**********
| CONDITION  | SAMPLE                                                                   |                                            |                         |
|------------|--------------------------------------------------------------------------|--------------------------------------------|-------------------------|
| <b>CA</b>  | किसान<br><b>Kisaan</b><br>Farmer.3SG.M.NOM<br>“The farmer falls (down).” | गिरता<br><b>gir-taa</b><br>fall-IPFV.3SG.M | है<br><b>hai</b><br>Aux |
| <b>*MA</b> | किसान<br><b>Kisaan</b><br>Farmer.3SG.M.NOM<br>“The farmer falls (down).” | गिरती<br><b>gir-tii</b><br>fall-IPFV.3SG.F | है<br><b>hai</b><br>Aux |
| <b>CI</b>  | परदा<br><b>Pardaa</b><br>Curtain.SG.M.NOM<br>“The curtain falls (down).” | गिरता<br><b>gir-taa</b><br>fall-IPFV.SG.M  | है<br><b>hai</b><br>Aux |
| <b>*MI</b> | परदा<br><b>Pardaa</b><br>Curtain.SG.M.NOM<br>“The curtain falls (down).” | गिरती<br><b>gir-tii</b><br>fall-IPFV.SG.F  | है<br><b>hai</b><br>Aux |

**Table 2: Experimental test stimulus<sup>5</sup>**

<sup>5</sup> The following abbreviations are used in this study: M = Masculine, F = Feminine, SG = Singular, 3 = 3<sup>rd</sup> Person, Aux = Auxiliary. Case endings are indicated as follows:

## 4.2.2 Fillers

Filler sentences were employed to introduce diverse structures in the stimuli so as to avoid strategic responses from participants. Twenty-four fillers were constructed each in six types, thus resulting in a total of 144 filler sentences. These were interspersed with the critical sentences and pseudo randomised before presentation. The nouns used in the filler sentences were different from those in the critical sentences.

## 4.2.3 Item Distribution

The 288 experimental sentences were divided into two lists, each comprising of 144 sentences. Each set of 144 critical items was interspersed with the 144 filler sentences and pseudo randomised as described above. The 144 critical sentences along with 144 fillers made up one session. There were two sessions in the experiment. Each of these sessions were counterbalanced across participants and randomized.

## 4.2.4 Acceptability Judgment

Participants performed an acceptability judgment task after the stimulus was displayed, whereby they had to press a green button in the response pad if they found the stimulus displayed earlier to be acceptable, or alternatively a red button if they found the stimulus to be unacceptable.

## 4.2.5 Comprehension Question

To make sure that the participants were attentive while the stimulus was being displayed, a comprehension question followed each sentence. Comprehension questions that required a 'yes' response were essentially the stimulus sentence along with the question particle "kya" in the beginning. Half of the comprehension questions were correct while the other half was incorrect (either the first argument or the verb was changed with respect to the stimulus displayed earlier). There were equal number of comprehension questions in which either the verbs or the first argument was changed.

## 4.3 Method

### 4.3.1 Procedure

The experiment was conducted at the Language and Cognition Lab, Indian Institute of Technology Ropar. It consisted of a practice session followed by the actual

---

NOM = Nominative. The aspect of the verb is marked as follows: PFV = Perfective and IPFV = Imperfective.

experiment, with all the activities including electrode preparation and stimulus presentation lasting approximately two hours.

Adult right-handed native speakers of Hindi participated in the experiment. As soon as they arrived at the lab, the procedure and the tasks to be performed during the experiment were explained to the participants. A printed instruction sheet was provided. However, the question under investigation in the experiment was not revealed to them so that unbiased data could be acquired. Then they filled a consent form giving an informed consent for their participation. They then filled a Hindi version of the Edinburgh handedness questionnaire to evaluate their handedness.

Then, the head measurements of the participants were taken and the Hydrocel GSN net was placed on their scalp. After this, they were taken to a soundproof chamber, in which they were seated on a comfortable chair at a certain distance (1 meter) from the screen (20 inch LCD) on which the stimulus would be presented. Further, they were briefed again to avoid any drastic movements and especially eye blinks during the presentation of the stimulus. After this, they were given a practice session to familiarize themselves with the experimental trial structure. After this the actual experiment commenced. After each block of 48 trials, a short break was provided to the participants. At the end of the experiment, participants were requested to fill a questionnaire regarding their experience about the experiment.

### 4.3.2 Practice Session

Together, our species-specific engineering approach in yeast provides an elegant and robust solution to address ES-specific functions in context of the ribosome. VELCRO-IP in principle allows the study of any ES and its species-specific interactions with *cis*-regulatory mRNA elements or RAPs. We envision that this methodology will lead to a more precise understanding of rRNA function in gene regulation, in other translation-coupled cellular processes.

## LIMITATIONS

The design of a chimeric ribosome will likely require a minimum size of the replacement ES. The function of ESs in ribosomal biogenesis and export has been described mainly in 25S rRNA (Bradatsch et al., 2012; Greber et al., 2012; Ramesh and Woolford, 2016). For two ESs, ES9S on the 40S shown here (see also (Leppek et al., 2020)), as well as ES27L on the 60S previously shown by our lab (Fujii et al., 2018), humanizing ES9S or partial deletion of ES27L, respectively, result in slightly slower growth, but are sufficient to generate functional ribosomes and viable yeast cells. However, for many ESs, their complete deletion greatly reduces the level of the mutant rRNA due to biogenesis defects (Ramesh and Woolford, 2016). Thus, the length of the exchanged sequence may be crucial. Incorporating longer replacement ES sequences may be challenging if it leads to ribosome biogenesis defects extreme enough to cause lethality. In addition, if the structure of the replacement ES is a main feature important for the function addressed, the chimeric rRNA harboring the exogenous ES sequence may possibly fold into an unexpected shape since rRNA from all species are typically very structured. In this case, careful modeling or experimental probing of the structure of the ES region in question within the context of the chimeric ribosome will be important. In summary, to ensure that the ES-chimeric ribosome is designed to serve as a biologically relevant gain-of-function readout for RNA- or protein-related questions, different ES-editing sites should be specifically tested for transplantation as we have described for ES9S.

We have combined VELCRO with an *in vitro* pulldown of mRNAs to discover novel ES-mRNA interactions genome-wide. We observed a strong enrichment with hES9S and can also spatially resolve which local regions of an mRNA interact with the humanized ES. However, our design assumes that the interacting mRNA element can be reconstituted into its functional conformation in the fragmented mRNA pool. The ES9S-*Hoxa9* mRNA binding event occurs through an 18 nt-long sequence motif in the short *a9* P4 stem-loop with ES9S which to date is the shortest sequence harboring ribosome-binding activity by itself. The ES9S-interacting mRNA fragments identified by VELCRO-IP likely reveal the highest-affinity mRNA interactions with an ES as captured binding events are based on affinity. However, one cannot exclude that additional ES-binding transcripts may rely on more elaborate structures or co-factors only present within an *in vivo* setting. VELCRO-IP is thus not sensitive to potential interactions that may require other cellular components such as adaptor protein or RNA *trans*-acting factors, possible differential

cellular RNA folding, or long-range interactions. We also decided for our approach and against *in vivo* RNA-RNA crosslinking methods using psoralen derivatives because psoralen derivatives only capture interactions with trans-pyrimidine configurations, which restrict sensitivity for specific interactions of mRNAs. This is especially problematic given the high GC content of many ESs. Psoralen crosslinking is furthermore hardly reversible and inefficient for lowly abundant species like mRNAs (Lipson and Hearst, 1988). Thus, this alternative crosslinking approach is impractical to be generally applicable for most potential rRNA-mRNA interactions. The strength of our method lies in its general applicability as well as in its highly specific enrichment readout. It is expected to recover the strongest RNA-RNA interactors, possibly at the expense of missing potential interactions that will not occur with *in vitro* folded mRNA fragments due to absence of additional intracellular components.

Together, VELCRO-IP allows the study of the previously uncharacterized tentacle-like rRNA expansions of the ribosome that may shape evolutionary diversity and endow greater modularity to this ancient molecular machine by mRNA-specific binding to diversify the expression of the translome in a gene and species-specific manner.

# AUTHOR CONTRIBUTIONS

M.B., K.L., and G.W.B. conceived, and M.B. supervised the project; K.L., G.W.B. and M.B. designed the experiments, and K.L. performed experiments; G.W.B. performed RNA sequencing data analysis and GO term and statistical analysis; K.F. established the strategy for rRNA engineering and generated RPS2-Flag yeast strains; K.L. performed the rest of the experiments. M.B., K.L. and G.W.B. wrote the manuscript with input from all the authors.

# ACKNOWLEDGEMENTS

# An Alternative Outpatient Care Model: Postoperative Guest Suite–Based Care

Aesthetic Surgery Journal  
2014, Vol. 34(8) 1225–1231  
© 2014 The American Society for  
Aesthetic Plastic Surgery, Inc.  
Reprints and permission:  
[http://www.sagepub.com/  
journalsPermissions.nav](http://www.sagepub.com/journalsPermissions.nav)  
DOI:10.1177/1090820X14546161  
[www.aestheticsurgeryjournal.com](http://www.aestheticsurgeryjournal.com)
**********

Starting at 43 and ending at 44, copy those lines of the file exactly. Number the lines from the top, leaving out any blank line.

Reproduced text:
DOI:10.1177/1090820X14546161  
[www.aestheticsurgeryjournal.com](http://www.aestheticsurgeryjournal.com)